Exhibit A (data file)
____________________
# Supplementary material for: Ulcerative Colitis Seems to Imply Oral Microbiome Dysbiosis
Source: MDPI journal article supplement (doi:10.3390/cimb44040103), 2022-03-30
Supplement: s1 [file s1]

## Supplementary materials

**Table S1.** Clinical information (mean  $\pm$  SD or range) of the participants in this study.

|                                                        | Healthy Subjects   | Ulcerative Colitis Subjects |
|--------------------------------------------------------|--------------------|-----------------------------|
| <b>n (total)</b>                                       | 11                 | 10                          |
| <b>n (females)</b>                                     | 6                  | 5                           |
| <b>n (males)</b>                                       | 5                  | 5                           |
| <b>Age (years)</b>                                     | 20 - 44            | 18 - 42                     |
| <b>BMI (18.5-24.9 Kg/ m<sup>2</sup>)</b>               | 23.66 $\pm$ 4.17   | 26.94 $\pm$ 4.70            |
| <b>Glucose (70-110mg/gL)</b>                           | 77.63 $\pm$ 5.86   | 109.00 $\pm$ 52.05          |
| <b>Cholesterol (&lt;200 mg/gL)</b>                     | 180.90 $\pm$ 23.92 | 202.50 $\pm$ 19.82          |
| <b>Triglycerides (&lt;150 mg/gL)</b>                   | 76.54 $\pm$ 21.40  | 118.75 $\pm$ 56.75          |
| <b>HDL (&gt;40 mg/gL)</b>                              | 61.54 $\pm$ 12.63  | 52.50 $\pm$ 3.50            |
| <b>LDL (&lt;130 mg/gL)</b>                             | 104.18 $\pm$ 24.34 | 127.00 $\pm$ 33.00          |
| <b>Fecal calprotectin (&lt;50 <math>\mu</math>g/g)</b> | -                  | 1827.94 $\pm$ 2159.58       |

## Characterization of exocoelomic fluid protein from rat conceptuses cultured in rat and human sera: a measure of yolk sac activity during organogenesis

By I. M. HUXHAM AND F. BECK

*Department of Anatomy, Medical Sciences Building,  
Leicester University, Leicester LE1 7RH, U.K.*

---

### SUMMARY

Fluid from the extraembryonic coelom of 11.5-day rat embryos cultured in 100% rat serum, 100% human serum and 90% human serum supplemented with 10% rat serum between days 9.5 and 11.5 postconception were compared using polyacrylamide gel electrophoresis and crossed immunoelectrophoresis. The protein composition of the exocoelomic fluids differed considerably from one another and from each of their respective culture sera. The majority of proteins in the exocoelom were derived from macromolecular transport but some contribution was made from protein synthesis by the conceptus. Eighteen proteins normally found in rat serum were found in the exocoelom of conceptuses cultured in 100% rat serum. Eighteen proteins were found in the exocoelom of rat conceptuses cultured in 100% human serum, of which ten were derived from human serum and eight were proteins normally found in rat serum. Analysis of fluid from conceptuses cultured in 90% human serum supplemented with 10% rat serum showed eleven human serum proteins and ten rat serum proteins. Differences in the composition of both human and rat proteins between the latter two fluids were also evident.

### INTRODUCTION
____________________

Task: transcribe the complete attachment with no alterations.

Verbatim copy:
# Supplementary material for: Ulcerative Colitis Seems to Imply Oral Microbiome Dysbiosis
Source: MDPI journal article supplement (doi:10.3390/cimb44040103), 2022-03-30
Supplement: s1 [file s1]

## Supplementary materials

**Table S1.** Clinical information (mean  $\pm$  SD or range) of the participants in this study.

|                                                        | Healthy Subjects   | Ulcerative Colitis Subjects |
|--------------------------------------------------------|--------------------|-----------------------------|
| <b>n (total)</b>                                       | 11                 | 10                          |
| <b>n (females)</b>                                     | 6                  | 5                           |
| <b>n (males)</b>                                       | 5                  | 5                           |
| <b>Age (years)</b>                                     | 20 - 44            | 18 - 42                     |
| <b>BMI (18.5-24.9 Kg/ m<sup>2</sup>)</b>               | 23.66 $\pm$ 4.17   | 26.94 $\pm$ 4.70            |
| <b>Glucose (70-110mg/gL)</b>                           | 77.63 $\pm$ 5.86   | 109.00 $\pm$ 52.05          |
| <b>Cholesterol (&lt;200 mg/gL)</b>                     | 180.90 $\pm$ 23.92 | 202.50 $\pm$ 19.82          |
| <b>Triglycerides (&lt;150 mg/gL)</b>                   | 76.54 $\pm$ 21.40  | 118.75 $\pm$ 56.75          |
| <b>HDL (&gt;40 mg/gL)</b>                              | 61.54 $\pm$ 12.63  | 52.50 $\pm$ 3.50            |
| <b>LDL (&lt;130 mg/gL)</b>                             | 104.18 $\pm$ 24.34 | 127.00 $\pm$ 33.00          |
| <b>Fecal calprotectin (&lt;50 <math>\mu</math>g/g)</b> | -                  | 1827.94 $\pm$ 2159.58       |

## Characterization of exocoelomic fluid protein from rat conceptuses cultured in rat and human sera: a measure of yolk sac activity during organogenesis

By I. M. HUXHAM AND F. BECK

*Department of Anatomy, Medical Sciences Building,  
Leicester University, Leicester LE1 7RH, U.K.*

---

### SUMMARY

Fluid from the extraembryonic coelom of 11.5-day rat embryos cultured in 100% rat serum, 100% human serum and 90% human serum supplemented with 10% rat serum between days 9.5 and 11.5 postconception were compared using polyacrylamide gel electrophoresis and crossed immunoelectrophoresis. The protein composition of the exocoelomic fluids differed considerably from one another and from each of their respective culture sera. The majority of proteins in the exocoelom were derived from macromolecular transport but some contribution was made from protein synthesis by the conceptus. Eighteen proteins normally found in rat serum were found in the exocoelom of conceptuses cultured in 100% rat serum. Eighteen proteins were found in the exocoelom of rat conceptuses cultured in 100% human serum, of which ten were derived from human serum and eight were proteins normally found in rat serum. Analysis of fluid from conceptuses cultured in 90% human serum supplemented with 10% rat serum showed eleven human serum proteins and ten rat serum proteins. Differences in the composition of both human and rat proteins between the latter two fluids were also evident.

### INTRODUCTION